Often, we credit universities for being an area for students to succeed. We see it every day: students being recognized for their accomplishments, faculty being given plaudits for achieving great success in their field, etc.

But we forget that universities, and the educational system itself, are based on the idea of failing safely. Unlike any other job or community, a university allows both students and faculty to take chances and risks boldly. At their best, universities are experimental powerhouses that promote innovation and new ventures. At their worst, they are simply an institution focused on regurgitating old information that has long been obsolete.

At Gannon, students are given broad opportunities for leadership, scholarship and athletics. As an institution, we pride ourselves on “believing in the possibilities,” and that phrase also includes the possibility of failure.

That’s a good thing. Without failure, we would not be who we are today. For example, I’m keenly aware of the island of Sardinia off the coast of Italy because I once failed a test on it. We learn more from our failures than from our successes, and that translates to a more complete educational experience.

If students don’t fail at something during their time at Gannon, that likely means that they have not risked enough. Luckily, Gannon provides substantive opportunities for creative and academic exploration in a safe environment.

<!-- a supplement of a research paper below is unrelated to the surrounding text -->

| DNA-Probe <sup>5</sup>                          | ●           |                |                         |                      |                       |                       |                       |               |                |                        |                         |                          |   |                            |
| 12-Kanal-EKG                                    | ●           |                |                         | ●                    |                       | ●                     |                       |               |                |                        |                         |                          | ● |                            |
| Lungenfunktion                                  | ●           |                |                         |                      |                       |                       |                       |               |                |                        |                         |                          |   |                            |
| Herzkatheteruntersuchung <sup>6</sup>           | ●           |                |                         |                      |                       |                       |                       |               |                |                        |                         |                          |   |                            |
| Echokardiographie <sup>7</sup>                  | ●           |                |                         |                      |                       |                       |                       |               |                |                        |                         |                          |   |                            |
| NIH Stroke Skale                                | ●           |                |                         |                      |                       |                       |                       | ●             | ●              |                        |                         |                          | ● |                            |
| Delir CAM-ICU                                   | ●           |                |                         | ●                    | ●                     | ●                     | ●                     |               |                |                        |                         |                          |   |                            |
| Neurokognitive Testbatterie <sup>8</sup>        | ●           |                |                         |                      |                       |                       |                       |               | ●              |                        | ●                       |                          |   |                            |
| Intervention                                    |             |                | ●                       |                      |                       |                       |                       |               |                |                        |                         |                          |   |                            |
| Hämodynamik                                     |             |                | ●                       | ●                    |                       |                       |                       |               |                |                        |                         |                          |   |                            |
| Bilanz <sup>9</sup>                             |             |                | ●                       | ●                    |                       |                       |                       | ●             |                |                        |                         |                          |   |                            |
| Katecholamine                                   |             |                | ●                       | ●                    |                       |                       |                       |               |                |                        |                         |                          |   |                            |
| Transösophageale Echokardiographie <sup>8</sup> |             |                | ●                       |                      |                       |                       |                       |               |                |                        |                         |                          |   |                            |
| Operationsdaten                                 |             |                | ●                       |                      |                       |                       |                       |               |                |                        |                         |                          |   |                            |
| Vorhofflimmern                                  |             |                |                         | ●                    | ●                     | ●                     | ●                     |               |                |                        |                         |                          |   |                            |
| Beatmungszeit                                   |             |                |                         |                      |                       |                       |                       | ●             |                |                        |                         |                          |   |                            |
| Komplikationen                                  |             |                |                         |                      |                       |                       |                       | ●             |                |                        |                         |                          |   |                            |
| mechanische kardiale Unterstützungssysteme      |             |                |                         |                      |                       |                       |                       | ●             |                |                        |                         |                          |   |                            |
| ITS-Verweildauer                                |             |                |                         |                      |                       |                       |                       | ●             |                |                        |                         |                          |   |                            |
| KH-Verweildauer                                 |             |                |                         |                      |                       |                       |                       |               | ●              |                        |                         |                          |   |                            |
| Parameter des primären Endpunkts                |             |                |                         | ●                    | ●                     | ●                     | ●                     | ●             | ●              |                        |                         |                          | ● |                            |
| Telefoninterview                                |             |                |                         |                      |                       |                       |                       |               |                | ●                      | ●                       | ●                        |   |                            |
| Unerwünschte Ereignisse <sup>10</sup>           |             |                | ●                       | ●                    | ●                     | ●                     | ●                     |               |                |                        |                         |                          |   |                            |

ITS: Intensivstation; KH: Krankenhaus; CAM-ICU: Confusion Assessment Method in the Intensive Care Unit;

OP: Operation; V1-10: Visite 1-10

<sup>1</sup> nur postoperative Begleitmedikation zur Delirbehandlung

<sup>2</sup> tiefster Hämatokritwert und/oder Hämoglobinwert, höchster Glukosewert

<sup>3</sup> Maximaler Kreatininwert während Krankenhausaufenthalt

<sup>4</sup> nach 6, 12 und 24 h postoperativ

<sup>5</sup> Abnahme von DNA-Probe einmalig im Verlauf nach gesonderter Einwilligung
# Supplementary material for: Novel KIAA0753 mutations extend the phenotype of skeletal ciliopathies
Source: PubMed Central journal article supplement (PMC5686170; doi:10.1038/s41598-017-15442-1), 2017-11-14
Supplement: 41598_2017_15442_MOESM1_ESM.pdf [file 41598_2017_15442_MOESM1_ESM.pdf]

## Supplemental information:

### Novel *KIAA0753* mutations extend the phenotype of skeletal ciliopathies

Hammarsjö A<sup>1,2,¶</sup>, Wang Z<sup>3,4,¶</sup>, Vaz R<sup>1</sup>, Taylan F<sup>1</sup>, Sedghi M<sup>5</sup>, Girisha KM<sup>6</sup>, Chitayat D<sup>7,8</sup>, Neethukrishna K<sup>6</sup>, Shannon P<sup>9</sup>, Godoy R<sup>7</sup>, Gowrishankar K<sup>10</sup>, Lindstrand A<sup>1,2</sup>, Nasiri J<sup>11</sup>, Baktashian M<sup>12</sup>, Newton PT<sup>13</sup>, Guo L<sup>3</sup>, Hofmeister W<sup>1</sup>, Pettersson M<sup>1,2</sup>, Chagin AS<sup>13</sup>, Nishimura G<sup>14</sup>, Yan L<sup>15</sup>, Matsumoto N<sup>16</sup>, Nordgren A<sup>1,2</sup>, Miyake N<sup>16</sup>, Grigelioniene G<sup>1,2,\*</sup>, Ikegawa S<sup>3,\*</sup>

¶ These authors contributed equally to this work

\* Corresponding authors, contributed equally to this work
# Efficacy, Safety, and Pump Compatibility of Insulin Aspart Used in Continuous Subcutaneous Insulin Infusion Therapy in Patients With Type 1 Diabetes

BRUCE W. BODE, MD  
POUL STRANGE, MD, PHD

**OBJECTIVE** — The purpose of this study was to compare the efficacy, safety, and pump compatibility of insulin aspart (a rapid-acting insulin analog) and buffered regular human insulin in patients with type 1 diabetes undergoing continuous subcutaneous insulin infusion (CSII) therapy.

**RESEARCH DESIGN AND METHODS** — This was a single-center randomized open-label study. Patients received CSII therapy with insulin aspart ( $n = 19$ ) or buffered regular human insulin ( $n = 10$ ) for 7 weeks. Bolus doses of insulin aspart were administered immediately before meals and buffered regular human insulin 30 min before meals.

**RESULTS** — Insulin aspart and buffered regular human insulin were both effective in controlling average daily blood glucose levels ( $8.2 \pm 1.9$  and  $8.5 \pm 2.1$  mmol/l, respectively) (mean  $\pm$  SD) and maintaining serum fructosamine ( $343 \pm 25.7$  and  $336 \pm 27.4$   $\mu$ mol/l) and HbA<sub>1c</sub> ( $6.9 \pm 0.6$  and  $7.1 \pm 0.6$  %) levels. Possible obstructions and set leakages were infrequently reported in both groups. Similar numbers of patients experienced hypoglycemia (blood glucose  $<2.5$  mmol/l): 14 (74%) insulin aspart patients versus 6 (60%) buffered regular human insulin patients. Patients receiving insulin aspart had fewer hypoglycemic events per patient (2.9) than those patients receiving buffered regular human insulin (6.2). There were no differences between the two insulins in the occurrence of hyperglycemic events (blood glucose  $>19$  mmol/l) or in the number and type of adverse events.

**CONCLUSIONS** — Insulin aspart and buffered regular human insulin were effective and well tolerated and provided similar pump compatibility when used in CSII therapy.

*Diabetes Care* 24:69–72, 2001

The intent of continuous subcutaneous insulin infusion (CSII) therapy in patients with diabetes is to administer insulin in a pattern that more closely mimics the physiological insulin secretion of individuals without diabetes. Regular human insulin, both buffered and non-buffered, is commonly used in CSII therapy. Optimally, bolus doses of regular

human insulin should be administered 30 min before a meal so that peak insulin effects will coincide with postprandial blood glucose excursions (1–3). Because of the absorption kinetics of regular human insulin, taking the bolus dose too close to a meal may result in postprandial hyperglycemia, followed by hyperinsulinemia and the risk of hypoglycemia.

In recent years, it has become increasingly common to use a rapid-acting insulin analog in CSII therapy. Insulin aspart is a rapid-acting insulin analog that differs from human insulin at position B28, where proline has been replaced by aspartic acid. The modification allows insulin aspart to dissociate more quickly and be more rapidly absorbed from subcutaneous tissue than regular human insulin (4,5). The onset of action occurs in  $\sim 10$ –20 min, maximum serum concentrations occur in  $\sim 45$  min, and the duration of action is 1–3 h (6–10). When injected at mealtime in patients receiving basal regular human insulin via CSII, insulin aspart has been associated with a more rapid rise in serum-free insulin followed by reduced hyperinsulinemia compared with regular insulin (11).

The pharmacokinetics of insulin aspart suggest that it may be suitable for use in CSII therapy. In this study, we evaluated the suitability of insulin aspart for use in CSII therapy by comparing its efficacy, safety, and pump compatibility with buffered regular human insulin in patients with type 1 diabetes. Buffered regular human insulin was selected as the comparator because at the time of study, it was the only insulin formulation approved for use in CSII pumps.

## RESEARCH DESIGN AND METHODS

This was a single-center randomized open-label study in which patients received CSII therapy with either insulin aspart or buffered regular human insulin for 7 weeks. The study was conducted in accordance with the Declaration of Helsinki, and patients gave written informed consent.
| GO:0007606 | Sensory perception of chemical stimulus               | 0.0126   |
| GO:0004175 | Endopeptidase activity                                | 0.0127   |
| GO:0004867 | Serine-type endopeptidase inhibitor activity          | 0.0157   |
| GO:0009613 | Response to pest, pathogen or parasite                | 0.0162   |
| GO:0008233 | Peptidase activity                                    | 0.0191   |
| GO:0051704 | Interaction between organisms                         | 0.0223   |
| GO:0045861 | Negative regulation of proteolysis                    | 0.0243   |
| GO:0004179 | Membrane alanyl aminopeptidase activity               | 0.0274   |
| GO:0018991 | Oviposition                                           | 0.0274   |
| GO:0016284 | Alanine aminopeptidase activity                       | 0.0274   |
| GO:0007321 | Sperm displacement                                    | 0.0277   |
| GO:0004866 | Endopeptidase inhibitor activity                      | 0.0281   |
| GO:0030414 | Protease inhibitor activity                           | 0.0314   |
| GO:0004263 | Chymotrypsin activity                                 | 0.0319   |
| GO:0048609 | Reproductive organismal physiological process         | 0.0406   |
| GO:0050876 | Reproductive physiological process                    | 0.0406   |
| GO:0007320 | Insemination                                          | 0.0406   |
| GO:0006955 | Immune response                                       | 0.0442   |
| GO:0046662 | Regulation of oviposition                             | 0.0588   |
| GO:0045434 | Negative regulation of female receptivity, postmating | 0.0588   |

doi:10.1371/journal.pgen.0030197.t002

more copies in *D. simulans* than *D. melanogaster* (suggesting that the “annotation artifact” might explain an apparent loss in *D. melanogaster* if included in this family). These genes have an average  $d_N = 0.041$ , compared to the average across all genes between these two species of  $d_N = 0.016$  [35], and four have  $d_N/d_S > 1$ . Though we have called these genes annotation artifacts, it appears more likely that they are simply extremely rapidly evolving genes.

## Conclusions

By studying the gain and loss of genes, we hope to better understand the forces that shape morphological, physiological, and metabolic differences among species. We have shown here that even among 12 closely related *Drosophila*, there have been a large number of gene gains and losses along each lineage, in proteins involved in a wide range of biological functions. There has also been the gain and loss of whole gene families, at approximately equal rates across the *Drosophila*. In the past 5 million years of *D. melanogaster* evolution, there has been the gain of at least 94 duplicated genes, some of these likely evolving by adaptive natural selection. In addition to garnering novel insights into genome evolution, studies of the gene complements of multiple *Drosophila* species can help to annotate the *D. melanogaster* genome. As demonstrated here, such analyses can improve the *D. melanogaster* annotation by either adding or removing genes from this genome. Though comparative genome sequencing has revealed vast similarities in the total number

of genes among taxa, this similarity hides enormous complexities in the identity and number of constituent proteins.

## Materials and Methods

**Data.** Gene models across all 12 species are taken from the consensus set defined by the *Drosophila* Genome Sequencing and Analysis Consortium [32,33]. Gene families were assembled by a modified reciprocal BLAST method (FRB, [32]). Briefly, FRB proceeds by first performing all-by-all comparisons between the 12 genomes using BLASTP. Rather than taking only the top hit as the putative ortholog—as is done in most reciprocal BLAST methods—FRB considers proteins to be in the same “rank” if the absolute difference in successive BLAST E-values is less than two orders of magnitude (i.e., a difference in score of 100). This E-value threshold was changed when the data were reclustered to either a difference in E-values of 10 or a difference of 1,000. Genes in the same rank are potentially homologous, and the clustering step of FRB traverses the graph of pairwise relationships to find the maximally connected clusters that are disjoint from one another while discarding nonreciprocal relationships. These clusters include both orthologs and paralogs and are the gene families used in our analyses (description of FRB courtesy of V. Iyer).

Students interested in policy can work with our Student Government Association without fear of compromising an entire community. Students interested in writing can work for Edge Magazine or The Gannon Knight and test their journalistic sensibilities. Students interested in being on the stage can fail boldly in auditions and finally find their voice in a character or show. Students interested in medicine can work with our local partners to get the connections that they need.

Regardless of what a student wants to do, it’s up to them to risk it all and push their own limits. Without that sense of urgency, innovation and commitment to avoid mediocrity, Gannon University risks becoming yet another line on an ever-growing list of failing higher-education institutions.

Yet, I don’t believe that this mediocrity is in the future of Gannon, or the Erie community. By focusing on creating strong partnerships within the region and by giving students the opportunity to “sin boldly” and innovate, Gannon is clearly focused on promoting the ideals of a liberal arts education.

I want to see students pushing the boundaries of their respective majors. I want to see journalism communication majors writing articles that make the administration uncomfortable. I want to see chemistry majors working on the next breakthrough. I want to see business students working with the Small Business Development Center to create the next big Erie industry.

We can do this. We can innovate. We can continue the tradition of excellence at Gannon University, by failing boldly and then trying and trying again until success comes to us.